AWAY is a beautifully presented production that provides a wonderful bit of nostalgia whilst tackling a range of weighty topics. The elegantly simple set and the creative somewhat abstract expression and balance of movement and stillness complement the wonderful performances. A must see at either Riverside Theatre Parramatta or during its following season at Seymour Centre.
Georgia Scott presents Meg with a cheekiness typical of a teenager as she navigates the flirting Tom and her neurotic, uptight, shrill mother. She gives her the sensitivity of a child that knows her mother isn't well and wants to try to keep peace but also the rebellion that has had enough of pussy footing around and putting up with her mother's narrow views. There is a shyness, fear and caution as she deals with Tom's advances. Similarly James Bell also brings out Tom's boldness as he tries to convince his father to let him have a beer, contrasted with an awkwardness as he tries to tell Meg he likes her. He conveys Tom's desire to keep his parents happy and not let on that he has his own secrets with a subtleness that initially comes across as simply a good child that is grateful for whatever his parents can give him.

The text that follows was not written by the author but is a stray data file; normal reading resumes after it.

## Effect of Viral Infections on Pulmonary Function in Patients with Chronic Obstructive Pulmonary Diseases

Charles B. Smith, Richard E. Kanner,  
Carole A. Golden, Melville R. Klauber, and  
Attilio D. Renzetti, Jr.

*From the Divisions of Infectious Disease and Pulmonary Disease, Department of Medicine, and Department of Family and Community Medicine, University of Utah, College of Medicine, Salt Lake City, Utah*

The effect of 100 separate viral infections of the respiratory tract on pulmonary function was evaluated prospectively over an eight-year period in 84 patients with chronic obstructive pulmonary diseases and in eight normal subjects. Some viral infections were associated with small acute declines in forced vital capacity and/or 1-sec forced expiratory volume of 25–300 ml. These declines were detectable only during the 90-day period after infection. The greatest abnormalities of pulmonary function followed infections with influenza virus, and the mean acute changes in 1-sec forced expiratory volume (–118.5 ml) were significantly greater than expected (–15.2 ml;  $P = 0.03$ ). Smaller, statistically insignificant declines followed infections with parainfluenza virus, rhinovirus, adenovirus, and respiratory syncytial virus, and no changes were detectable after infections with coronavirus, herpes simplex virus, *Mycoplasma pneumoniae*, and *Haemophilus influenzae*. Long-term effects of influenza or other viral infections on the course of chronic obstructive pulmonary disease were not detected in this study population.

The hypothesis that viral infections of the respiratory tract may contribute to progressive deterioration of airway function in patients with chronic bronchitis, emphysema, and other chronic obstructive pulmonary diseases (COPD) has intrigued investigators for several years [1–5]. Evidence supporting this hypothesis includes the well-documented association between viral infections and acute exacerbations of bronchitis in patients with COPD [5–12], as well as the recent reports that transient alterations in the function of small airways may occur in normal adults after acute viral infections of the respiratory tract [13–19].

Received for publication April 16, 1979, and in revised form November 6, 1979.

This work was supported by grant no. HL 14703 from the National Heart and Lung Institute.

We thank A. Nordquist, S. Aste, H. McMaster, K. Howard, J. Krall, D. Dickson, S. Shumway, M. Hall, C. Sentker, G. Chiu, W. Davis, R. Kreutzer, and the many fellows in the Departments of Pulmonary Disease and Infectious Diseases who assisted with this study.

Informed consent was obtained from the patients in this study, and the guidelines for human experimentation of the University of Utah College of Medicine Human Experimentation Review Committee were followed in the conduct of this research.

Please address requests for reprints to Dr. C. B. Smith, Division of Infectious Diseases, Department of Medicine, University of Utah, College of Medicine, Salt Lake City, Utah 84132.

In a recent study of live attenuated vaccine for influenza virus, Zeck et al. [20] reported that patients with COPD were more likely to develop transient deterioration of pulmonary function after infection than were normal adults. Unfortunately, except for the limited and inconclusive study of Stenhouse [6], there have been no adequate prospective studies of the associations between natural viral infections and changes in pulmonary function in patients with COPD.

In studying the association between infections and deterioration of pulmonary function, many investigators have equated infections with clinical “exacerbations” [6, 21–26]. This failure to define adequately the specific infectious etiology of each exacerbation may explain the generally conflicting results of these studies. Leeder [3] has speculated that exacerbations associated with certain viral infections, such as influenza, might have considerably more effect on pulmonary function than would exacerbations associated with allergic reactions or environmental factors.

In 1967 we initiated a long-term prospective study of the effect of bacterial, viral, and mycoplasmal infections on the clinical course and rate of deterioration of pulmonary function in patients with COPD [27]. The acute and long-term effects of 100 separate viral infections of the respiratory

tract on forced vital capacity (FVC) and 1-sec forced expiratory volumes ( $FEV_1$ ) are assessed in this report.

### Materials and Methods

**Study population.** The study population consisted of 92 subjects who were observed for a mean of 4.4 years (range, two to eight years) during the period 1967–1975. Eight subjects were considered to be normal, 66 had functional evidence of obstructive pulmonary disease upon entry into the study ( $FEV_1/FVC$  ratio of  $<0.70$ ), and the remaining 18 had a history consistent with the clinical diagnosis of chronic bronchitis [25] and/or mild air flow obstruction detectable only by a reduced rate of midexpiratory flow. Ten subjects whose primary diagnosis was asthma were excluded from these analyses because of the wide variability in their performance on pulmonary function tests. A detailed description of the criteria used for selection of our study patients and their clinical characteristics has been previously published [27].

Riverside Theatre : 2 June - 6th June 2016
Seymour Centre : 22 June - 25th June 2016